Attention Millennials: You can now have your avocado toast and get paid to eat it, too. According to Insider, researchers at four universities across the country are looking for volunteers to eat an avocado a day to see if it keeps the doctor away.

More specifically, researchers want to test whether an avocado-centric diet helps reduce belly fat (visceral adipose fat), thereby promoting weight loss. Although avocados contain the most fat of any fruit, past research has shown that people who eat more avocados have smaller waists than those who eater fewer avocados or none at all—even if the two groups consume a comparable amount of calories.

If you qualify for this study, you'll be paid $300 for your time and efforts, on top of receiving a free health screening, "small gifts" throughout the study, and free avocados, of course. One group of participants will be instructed to eat an avocado each day for the six-month duration of the study, while a control group will be told to eat no more than two avocados per month during the same period. Participants will be randomly assigned to groups.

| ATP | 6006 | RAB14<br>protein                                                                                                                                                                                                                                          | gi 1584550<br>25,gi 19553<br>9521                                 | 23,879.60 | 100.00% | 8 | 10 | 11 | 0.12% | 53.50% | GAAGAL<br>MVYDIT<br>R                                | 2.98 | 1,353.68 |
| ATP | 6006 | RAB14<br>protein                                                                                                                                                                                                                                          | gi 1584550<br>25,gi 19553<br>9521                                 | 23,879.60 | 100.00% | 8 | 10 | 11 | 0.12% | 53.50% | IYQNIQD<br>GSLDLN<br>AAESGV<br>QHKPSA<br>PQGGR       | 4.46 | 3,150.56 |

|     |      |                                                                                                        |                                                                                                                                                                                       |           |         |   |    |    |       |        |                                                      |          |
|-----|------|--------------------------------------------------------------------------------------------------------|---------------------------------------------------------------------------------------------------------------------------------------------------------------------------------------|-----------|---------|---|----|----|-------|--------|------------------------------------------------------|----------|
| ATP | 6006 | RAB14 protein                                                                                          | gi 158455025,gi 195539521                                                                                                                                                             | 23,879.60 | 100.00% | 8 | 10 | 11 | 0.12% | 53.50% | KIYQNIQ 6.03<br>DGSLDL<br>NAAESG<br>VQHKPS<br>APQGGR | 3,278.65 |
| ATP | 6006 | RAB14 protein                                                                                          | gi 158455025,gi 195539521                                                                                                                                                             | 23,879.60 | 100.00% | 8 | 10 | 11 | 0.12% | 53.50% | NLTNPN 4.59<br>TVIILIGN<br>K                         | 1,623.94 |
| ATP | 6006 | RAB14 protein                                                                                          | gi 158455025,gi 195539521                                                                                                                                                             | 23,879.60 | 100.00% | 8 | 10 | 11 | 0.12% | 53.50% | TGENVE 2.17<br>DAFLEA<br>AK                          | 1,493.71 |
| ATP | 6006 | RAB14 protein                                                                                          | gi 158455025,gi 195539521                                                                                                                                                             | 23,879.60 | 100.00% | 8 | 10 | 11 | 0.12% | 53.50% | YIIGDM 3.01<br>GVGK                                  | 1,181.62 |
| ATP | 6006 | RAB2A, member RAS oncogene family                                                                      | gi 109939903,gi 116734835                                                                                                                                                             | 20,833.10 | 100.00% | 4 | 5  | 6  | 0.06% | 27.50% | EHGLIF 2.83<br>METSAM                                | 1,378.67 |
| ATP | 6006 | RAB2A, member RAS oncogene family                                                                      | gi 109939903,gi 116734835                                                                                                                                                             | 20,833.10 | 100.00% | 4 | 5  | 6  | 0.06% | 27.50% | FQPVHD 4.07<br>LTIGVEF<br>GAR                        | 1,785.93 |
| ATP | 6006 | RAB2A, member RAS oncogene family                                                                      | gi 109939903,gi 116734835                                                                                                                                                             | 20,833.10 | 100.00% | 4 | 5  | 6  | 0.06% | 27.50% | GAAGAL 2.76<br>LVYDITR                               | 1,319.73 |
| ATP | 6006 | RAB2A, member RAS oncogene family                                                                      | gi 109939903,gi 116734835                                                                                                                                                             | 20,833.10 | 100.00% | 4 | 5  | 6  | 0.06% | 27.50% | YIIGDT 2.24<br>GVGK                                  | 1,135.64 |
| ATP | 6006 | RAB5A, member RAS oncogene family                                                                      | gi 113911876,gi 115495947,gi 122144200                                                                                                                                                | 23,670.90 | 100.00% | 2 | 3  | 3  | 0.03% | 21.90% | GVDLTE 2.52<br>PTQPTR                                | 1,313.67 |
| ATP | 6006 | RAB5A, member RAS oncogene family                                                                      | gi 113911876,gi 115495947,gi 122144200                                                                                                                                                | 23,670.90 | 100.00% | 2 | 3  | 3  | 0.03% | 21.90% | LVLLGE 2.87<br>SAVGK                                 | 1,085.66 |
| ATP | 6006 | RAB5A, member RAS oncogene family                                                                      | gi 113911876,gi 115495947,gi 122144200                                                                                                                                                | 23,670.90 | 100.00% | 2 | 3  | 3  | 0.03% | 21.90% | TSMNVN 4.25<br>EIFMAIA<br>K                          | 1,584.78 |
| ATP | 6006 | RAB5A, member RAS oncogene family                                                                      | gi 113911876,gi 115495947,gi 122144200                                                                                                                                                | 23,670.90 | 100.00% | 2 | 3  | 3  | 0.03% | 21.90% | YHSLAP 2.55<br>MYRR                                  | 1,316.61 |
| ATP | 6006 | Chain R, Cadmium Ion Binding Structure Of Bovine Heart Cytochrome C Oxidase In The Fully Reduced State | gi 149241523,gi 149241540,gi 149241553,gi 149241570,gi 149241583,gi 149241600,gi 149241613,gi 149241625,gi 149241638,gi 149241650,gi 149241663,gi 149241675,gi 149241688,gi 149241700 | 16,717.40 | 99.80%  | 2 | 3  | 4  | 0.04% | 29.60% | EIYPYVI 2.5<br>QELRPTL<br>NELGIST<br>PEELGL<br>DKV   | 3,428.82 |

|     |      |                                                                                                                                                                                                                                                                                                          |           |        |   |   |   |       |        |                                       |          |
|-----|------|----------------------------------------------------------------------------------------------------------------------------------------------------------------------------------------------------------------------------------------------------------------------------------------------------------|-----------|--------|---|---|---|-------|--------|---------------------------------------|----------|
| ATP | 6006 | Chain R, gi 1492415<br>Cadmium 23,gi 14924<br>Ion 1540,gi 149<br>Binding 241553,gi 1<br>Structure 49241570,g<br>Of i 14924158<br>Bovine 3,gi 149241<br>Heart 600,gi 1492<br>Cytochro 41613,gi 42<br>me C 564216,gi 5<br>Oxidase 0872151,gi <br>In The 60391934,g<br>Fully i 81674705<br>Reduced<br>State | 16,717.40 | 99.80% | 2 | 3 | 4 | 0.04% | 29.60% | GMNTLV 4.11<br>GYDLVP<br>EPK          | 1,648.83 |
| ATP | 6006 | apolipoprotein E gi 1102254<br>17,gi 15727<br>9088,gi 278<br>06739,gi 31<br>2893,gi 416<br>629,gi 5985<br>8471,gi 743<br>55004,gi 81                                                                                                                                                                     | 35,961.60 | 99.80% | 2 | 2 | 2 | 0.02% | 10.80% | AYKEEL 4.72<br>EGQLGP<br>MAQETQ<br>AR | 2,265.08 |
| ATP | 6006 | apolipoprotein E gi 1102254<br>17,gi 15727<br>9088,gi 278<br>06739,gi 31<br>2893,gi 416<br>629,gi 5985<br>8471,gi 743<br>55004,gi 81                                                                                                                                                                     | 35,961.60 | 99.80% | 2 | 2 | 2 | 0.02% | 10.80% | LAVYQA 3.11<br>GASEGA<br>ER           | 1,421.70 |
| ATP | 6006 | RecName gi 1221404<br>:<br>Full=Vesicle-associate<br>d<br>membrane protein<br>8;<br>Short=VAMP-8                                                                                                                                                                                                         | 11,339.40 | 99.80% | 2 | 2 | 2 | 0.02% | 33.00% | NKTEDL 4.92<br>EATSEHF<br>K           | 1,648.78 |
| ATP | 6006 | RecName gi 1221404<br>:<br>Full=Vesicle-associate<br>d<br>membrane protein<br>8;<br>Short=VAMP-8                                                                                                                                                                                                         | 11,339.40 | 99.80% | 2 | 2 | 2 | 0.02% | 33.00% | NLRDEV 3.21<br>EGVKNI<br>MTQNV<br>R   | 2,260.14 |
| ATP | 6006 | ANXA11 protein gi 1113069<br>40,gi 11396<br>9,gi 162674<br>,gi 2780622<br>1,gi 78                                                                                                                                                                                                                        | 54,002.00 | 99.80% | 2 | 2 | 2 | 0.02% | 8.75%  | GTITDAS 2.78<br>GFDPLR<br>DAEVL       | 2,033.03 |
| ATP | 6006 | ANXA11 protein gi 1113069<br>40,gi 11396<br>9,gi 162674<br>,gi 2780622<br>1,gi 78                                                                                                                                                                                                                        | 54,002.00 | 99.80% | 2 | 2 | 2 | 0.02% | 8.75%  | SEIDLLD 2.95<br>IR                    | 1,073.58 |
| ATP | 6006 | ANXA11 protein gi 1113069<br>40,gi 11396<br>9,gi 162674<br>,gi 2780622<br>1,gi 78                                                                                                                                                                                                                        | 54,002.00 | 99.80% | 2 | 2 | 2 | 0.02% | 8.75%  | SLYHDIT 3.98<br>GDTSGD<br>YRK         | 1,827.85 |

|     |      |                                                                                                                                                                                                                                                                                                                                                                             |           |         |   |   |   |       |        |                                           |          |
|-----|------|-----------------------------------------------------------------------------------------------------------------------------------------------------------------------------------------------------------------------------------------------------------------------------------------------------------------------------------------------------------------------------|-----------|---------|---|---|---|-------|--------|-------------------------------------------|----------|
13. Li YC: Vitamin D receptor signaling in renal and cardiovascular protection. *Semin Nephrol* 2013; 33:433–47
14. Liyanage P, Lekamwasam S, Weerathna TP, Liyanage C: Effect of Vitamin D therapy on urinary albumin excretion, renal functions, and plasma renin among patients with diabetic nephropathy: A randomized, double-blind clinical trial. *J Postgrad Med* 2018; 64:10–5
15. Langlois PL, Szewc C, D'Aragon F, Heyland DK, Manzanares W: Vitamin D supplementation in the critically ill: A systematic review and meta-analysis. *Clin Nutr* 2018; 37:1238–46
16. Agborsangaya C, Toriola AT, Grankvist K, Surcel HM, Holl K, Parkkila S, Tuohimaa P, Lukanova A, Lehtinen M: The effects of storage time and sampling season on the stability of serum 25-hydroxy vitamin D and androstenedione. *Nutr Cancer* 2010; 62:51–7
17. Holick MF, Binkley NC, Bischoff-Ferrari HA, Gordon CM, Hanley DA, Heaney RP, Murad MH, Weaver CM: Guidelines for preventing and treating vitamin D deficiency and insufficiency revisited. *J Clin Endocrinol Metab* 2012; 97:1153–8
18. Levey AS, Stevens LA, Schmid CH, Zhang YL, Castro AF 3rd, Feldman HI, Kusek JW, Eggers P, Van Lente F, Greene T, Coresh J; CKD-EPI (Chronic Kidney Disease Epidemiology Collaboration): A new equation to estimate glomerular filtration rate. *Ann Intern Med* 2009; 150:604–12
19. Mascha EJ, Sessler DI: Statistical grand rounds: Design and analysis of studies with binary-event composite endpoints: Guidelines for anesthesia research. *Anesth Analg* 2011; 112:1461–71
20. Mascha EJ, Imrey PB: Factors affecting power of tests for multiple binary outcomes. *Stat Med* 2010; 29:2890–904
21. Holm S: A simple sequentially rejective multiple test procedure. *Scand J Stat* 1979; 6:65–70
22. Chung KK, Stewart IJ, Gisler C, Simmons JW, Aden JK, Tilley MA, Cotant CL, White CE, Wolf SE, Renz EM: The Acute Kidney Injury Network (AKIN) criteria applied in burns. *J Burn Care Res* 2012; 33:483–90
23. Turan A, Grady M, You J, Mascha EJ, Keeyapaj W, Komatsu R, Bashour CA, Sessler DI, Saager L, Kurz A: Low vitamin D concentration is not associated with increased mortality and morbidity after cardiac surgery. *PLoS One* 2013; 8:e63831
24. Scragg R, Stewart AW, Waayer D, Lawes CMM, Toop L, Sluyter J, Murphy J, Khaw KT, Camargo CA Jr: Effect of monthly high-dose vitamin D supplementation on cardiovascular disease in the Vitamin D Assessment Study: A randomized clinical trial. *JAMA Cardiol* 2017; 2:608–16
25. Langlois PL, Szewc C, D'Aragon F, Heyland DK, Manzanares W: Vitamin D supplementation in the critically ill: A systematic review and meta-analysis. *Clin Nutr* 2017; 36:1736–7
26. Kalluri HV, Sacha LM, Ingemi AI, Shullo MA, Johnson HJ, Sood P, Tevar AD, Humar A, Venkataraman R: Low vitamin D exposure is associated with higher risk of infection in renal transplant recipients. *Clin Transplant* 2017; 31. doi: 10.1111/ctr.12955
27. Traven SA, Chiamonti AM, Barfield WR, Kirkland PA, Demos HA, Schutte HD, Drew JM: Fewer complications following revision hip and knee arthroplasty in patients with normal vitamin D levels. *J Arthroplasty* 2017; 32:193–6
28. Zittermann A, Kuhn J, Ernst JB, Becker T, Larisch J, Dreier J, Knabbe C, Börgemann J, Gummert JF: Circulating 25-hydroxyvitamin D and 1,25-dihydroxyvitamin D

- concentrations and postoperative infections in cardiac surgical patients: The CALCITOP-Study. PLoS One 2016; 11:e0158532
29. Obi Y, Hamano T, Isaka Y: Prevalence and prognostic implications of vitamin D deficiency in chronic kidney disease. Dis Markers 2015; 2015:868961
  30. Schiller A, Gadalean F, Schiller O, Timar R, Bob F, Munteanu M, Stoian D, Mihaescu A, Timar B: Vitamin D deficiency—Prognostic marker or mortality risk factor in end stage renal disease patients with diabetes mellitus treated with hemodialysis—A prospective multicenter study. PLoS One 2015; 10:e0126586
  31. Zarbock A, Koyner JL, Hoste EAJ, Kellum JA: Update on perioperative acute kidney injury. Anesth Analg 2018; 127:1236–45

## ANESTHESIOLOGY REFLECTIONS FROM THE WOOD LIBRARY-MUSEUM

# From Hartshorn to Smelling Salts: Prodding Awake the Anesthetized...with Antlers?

Although Hass Avocado Board is sponsoring the study, researcher Joan Sabaté of California's Loma Linda University—one of the participating universities—says this detail won't affect the outcome.

"For the last 20 years, we have been doing dietary intervention studies on plant-based foods and nuts. We are rigorous in our selection of projects," Sabaté said in a university statement.

Researchers from Penn State University, Tufts University, and the University of California, Los Angeles, are also conducting their own trials, each with 250 participants. Test subjects may be asked to pick up their supplies, so this opportunity is best suited to people living near one of the participating universities' campuses.

Although Millennials as a group have demonstrated an affinity for avocado, the only age requirement for this study is that participants be over the age of 25. Some physical requirements do apply, though. To see if you are eligible, visit the study website.

[h/t Insider]